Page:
sano2Align Center
Because of the foreign guests could only stay a few hours the kagura group chose to play the opening shinji (ritual dances) later and started straight in with the theatrical dances. First up was Tenjin, the deified spirit of Sugawara Michizane a high-ranking courtier and poet who was banished to Kyushu by Fujiwara no Tokihira in 901. Sugawara died shortly thereafter and a series of disasters befell the Fujiwaras and the court and it was decided that Sugawara's vengeful spirit was responsible so he was deified and posthumously elevated in rank.


The dance is primarily a standard fast-paced battle between Sugawara and Tokihira.


The next dance up was everybody's favorite, Orochi, the piece that most typifies what Iwami kagura is all about, color, speed, drama, and excitement. This is usually the finale of a matsuri night of kagura performed at around 5am.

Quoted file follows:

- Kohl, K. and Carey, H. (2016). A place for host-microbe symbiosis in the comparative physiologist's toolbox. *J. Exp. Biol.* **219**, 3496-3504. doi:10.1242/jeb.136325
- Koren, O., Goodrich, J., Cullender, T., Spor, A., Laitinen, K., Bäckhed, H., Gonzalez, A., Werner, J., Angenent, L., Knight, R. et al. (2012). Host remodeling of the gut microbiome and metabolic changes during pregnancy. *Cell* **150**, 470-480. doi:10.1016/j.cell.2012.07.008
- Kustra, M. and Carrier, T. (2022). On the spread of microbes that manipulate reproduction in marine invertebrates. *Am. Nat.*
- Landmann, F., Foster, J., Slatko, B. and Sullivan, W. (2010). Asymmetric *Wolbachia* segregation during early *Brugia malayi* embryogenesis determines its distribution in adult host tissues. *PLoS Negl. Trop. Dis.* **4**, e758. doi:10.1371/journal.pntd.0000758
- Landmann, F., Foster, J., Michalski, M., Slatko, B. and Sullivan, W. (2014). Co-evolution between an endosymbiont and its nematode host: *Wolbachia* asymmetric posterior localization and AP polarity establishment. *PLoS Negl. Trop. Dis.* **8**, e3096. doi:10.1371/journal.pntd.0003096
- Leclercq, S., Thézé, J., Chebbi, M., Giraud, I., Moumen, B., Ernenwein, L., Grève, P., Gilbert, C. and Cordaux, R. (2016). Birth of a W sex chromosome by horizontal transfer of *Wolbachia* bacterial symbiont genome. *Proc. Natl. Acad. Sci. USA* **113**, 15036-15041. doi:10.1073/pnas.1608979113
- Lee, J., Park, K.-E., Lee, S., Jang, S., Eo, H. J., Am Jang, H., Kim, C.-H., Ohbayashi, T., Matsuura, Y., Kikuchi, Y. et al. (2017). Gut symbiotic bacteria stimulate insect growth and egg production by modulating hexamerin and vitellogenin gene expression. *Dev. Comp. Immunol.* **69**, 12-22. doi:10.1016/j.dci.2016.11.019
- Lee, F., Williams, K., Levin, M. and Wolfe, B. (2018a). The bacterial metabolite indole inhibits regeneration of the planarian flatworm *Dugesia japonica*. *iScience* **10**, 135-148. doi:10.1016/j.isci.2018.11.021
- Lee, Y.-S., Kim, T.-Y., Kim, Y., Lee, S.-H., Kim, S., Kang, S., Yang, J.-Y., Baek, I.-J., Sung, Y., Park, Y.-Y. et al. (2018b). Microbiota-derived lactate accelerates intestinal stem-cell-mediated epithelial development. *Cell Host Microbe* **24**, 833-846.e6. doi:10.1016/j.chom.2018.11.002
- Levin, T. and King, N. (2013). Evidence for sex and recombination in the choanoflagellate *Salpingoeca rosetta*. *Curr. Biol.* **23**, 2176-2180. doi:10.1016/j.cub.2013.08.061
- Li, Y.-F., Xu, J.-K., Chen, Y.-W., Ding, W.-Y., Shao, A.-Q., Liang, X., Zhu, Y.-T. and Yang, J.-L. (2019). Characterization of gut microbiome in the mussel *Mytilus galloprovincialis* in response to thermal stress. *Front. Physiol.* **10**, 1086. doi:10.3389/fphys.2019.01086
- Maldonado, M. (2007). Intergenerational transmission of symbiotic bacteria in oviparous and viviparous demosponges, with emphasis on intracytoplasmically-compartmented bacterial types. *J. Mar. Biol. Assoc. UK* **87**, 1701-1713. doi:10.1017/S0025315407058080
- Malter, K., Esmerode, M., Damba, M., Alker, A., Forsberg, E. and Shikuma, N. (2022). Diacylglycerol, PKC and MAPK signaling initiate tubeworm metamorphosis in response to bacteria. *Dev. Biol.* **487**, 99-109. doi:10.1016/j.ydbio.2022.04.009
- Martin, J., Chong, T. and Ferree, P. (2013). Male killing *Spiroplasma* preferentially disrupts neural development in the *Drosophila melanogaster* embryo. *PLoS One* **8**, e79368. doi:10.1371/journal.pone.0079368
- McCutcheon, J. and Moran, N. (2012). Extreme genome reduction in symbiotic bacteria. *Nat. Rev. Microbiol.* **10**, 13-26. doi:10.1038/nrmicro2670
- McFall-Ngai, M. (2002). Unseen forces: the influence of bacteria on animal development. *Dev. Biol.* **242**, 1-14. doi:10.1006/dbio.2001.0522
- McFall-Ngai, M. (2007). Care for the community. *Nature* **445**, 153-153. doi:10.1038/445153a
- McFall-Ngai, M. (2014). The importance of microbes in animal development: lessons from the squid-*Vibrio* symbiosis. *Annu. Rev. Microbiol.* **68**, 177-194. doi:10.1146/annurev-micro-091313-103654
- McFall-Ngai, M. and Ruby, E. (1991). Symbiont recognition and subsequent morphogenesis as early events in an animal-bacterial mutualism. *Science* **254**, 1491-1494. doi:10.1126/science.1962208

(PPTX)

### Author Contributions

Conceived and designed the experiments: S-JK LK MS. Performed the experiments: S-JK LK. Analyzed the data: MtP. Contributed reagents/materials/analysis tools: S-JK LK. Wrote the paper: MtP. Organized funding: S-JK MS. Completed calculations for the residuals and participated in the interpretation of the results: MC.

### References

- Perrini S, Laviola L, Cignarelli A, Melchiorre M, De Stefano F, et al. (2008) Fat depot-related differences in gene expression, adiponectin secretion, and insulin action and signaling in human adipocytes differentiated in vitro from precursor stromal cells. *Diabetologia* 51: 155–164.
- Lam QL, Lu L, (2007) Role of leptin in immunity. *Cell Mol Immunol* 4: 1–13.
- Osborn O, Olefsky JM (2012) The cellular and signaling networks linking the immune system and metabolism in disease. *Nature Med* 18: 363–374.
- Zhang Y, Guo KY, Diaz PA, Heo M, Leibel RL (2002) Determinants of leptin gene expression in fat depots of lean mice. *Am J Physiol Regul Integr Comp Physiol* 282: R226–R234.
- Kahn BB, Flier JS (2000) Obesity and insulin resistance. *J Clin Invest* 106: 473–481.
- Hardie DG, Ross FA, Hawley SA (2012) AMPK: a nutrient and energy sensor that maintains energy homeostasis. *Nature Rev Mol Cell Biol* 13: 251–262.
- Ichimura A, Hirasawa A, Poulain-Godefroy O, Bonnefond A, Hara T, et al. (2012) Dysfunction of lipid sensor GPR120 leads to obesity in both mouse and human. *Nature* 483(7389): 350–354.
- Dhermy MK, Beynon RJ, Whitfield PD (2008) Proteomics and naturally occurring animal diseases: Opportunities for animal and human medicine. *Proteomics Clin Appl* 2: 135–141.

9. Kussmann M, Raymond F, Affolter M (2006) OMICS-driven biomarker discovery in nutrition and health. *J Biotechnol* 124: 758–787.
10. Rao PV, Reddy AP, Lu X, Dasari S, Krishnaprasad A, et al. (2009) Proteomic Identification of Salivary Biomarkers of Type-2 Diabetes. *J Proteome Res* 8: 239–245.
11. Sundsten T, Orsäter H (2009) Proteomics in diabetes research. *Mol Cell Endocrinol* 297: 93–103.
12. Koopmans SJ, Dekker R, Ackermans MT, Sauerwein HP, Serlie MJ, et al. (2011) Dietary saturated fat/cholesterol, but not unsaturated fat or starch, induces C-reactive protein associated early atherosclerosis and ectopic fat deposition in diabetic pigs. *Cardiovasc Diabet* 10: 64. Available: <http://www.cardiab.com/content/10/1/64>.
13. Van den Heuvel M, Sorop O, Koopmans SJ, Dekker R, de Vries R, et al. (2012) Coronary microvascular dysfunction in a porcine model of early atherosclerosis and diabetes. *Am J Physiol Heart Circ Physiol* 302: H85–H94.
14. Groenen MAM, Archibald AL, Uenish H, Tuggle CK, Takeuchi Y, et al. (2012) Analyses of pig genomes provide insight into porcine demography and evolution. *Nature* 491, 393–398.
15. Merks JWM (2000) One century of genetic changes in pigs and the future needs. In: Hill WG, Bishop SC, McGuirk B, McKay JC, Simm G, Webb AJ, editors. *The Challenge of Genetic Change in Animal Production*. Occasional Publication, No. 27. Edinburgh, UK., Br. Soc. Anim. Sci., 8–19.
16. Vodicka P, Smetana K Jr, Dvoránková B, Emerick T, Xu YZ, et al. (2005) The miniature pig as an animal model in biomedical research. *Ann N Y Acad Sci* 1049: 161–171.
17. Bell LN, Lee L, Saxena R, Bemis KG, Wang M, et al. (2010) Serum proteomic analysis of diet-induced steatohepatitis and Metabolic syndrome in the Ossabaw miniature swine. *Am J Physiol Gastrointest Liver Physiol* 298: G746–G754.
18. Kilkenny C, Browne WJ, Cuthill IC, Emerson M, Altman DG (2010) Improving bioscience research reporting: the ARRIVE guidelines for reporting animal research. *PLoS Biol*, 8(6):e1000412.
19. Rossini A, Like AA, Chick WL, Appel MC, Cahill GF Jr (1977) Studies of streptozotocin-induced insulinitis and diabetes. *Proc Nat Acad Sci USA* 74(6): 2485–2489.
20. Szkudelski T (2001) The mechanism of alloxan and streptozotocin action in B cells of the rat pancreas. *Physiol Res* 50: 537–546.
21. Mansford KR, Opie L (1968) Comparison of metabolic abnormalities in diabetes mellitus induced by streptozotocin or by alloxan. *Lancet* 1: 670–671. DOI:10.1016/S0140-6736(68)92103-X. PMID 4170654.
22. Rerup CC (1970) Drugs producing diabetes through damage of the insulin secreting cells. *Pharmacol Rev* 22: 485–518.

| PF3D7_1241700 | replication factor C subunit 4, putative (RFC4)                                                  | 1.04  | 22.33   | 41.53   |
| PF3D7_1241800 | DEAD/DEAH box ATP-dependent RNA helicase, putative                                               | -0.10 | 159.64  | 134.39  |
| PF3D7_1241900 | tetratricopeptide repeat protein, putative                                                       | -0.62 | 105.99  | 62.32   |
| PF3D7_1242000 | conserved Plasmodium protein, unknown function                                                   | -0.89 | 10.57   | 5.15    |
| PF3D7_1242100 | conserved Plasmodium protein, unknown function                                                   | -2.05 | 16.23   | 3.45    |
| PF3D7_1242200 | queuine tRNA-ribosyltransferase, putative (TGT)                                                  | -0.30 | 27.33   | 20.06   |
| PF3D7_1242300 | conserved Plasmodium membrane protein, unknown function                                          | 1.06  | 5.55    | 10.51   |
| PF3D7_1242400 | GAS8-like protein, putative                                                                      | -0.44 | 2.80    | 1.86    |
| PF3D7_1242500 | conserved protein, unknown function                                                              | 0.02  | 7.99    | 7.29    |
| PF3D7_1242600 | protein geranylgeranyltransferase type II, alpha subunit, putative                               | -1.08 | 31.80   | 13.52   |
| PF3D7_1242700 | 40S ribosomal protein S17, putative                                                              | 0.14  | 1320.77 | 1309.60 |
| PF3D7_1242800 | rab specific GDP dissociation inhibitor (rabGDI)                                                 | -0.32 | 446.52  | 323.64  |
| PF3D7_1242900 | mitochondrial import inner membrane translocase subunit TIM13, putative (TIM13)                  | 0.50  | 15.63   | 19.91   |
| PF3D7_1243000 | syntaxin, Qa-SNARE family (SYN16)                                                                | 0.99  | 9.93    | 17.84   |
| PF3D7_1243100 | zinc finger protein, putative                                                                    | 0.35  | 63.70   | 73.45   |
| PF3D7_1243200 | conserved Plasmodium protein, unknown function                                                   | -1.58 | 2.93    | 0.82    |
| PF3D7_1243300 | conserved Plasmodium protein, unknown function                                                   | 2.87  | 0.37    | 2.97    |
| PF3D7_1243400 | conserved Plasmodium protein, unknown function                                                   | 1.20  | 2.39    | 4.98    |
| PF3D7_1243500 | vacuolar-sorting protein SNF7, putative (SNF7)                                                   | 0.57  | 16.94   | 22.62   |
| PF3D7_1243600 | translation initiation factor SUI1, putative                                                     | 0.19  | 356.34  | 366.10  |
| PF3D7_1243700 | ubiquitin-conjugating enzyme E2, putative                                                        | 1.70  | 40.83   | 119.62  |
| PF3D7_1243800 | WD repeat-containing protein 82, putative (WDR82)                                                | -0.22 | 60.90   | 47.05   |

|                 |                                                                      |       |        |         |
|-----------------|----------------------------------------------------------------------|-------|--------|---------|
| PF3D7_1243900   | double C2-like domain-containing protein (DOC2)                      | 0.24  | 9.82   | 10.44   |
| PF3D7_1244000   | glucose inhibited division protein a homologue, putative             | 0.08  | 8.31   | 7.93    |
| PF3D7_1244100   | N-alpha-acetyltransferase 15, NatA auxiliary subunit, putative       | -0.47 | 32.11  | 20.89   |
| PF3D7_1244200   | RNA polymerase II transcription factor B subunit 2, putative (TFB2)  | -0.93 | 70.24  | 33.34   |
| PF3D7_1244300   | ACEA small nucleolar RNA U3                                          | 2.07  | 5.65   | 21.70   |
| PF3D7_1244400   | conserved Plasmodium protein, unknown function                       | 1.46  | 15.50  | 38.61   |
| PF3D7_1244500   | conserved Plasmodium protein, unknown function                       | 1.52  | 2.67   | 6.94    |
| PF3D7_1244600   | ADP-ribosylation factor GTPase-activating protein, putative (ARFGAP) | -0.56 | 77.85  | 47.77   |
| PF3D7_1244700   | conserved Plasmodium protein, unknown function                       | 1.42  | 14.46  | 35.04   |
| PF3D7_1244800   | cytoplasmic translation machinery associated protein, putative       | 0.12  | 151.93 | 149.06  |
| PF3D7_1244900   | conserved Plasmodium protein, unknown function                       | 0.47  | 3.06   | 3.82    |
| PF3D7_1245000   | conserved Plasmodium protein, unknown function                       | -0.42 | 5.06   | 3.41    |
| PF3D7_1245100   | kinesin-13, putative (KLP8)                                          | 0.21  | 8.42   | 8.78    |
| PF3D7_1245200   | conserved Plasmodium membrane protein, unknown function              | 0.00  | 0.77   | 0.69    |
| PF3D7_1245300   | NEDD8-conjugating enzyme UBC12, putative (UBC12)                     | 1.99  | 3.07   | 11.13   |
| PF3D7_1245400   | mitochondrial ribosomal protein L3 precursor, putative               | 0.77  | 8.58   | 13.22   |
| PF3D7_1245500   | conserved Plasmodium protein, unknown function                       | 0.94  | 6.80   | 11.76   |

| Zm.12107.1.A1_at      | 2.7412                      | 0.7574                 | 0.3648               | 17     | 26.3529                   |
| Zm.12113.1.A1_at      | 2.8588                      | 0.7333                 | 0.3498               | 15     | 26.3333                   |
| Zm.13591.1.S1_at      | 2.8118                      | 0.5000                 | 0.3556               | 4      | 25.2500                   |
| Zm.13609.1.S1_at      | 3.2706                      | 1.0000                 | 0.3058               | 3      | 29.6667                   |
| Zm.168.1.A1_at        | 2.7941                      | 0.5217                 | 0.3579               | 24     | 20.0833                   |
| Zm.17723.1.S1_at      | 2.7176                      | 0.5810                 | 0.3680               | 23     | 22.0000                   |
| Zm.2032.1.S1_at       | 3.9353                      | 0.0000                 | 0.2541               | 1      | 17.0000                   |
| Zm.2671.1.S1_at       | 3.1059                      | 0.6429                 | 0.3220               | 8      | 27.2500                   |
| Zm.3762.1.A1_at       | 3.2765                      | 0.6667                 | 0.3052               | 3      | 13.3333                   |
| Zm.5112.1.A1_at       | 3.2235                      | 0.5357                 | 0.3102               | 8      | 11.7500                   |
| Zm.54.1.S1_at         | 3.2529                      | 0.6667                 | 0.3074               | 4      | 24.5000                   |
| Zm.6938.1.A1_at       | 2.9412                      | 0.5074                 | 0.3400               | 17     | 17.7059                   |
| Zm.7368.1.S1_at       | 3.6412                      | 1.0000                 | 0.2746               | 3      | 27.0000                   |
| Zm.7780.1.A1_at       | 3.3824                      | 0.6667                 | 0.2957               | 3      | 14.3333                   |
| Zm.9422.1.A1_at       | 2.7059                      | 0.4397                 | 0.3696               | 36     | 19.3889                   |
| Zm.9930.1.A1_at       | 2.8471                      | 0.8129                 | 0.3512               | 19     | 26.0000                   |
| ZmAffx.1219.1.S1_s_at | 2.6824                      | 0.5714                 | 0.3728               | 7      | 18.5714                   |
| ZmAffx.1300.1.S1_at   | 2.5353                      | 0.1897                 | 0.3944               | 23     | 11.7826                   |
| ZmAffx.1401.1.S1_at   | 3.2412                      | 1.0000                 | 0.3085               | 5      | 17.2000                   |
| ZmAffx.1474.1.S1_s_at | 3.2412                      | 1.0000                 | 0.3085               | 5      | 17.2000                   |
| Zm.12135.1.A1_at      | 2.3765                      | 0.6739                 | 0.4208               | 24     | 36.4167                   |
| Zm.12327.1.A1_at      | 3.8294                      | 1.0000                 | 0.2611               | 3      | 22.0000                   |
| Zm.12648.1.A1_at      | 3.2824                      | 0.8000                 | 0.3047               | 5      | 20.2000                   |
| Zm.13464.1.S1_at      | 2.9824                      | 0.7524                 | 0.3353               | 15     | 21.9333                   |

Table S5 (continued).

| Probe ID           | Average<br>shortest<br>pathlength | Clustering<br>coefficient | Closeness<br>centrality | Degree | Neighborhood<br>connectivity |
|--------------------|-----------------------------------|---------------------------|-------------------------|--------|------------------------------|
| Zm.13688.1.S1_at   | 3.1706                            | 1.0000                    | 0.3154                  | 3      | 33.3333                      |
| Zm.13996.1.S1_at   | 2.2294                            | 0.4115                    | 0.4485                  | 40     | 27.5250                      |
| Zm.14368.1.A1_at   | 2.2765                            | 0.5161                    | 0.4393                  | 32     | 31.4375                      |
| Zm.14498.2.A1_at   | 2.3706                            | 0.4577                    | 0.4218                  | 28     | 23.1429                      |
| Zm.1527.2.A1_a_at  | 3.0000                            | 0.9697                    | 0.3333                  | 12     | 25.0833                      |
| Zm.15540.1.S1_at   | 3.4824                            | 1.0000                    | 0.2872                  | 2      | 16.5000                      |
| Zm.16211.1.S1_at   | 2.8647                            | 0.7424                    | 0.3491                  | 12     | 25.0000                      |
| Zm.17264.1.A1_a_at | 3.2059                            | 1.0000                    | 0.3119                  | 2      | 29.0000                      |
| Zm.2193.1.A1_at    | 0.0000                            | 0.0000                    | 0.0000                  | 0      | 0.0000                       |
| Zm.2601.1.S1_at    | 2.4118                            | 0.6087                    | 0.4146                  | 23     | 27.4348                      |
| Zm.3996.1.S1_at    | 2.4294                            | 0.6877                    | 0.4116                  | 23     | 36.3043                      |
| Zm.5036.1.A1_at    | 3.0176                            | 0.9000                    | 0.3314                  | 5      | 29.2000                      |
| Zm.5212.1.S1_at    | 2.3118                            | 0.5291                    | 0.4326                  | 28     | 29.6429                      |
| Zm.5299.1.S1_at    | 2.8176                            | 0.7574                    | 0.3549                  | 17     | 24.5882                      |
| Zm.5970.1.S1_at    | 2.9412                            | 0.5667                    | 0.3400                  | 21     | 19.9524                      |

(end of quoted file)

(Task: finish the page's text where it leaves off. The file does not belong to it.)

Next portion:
As is typical, only 4 serpents danced instead of the full complement of 8. Space in shrines is usually too small.


Halfway through the serpents gig an old gentlemen walked into the writhing mass and in turn lifted up the head of each dragon and gave the dancer a glass of sake....... no-one seemed to mind.


"I aint afraid of no dragon"

I had hoped to visit at least 12 matsuris this year, but unfortunately scheduling conflicts, the weather, and a trip to Kyushu meant only 8......... still, there is always nect year :)

Sunday, August 15, 2010

Hamada Childrens Museum of Art (inside)


Here in Shimane we have more museums and galleries per capita than any other Prefecture bar one. This may partially be due to the continued haemorrhaging of the population to the big cities, Shimane's population is decreasing faster than anywhere else, but it is most probably due to the massive influx of construction money from Tokyo. Shimane continues to vote LDP.